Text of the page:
Patients with hematological malignancies are at increased risk of various infections, including IFIs. The risk is higher among those receiving chemotherapy for acute myeloid leukemia, myelodysplastic syndrome, ALL, patients during induction-remission chemotherapy, graft versus host disease, and corticosteroid therapy. AF prophylaxis recommended in high-risk patients in the presence of prolonged severe neutropenia (ANC < 500 cells/μL > 7 days) [13]. Even with the first-line choices, AF prophylaxis may be unsuccessful in about 3–14% of the patients at risk of IFIs [14,15,16]. The occurrence of bIFIs during primary AF prophylaxis at initial remission-induction chemotherapy is considered as “early bIFIs”, while “late bIFIs” usually develops during re-induction for relapsed leukemia, and prolonged corticosteroid treatment [15].

There are some risk factors for developing bIFIs like the occurrence of IFIs due to resistant pathogens, development of resistance in previously susceptible fungi, inadequate absorption (mucositis, enteritis), abnormal metabolism (CYP2C19 heterogenicity), ineffective distribution, drug interactions, and conditions that perpetuate the infection (refractory/relapsed hematological illness). Although Mucormycosis is considered a common cause of bIFIs in those on azole prophylaxis in some reports, other mold infections such as Aspergillus and non-Aspergillus species are also well-known as etiologic agents [14]. The proportion of bIFIs caused by mold varies between 27 and 73% [17,18,19,20,21,22,23,24]. The prevalence of bIFIs may also be affected by the AF class. For example, bIFIs in the patients treated with caspofungin usually are caused by Aspergillus spp. [25]. Data regarding post-amphotericin prophylaxis bIFIs are limited, but Aspergillus spp. (A. terreus), Fusarium spp., Scedosporium spp. and even Mucorales have been reported [23].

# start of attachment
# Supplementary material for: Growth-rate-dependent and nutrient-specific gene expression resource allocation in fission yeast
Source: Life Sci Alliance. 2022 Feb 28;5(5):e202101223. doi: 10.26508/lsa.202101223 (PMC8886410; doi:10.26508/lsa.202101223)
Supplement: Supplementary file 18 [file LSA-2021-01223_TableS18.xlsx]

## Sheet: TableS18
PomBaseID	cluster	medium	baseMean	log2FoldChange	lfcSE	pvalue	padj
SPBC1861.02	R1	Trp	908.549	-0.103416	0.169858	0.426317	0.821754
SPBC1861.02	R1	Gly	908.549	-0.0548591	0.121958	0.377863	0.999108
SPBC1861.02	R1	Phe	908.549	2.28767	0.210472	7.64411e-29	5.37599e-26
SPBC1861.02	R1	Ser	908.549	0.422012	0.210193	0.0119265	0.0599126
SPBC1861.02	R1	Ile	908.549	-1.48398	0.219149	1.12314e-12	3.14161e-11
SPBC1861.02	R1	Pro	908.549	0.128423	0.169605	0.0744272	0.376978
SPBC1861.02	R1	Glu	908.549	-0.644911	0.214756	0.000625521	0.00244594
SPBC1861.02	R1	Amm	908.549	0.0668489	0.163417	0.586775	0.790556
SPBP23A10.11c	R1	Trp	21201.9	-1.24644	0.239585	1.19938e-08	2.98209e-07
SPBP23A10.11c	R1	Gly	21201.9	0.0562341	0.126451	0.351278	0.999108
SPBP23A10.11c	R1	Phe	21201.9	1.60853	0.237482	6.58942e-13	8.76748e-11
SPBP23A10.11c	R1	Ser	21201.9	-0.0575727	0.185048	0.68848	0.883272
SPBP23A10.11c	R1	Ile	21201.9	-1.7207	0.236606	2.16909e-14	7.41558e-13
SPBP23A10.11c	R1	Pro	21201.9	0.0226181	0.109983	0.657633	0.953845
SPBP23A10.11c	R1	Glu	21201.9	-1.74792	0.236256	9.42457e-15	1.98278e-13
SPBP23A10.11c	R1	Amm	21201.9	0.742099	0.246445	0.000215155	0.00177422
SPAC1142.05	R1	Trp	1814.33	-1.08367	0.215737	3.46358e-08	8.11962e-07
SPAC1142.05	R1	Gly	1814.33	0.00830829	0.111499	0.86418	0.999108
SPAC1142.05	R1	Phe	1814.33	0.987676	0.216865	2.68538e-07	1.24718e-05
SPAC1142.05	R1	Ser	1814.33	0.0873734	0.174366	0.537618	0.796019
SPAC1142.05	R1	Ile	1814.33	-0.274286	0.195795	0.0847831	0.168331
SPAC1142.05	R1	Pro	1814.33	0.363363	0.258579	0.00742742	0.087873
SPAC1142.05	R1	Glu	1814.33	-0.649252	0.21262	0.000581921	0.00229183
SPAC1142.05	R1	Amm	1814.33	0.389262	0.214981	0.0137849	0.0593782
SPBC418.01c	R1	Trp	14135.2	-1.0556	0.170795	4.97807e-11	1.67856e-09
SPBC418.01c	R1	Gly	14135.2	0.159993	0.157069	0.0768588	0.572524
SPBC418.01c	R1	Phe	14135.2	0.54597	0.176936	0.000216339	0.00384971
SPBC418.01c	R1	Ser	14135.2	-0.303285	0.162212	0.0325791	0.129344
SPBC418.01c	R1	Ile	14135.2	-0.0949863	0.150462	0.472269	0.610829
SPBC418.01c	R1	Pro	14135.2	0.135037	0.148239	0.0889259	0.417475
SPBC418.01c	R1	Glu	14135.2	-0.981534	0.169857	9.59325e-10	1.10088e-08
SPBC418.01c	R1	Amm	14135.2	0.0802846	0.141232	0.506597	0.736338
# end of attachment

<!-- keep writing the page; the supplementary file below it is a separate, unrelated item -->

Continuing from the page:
The emergence of azole-resistant pathogens warrants careful adherence to the stewardship programs in high-risk settings such as hematology/oncology wards [26, 27]. The reported prevalence of azole-resistant strains is more than 50% in the literature [14]. However, the rate is much lower for other AF agents such as amphotericin. In the present case, pulmonary IA developed 24 days after AF prophylaxis, during induction-remission chemotherapy.

Early diagnosis and antifungal therapy are vitally crucial for the best outcome of the patient. The treatment of infections caused by fungi may differ, so it is essential to confirm the genus by culture, PCR, and sequencing. Both microscopic examination and culture are insensitive, and therapy should not withhold in the absence of such confirmation. Non-invasive methods like serum biomarkers (GM and beta-D-glucan assays) are established for the diagnosis of IA [28]. Molecular techniques can also help the clinicians to detect fungal infections in the early stages of IA [29, 30]. The monitoring of both serum GM and blood-PCR is associated with an earlier diagnosis of IA [31]. There are limited reports regarding the diagnosis of CNS infections using the GM assay and PCR. In our case, the GM test was positive in both CSF and blood, while real-time PCR was positive only in the former. Nevertheless, both tests were positive in the third CSF sample, indicating that an accurate diagnosis demands multiple sampling.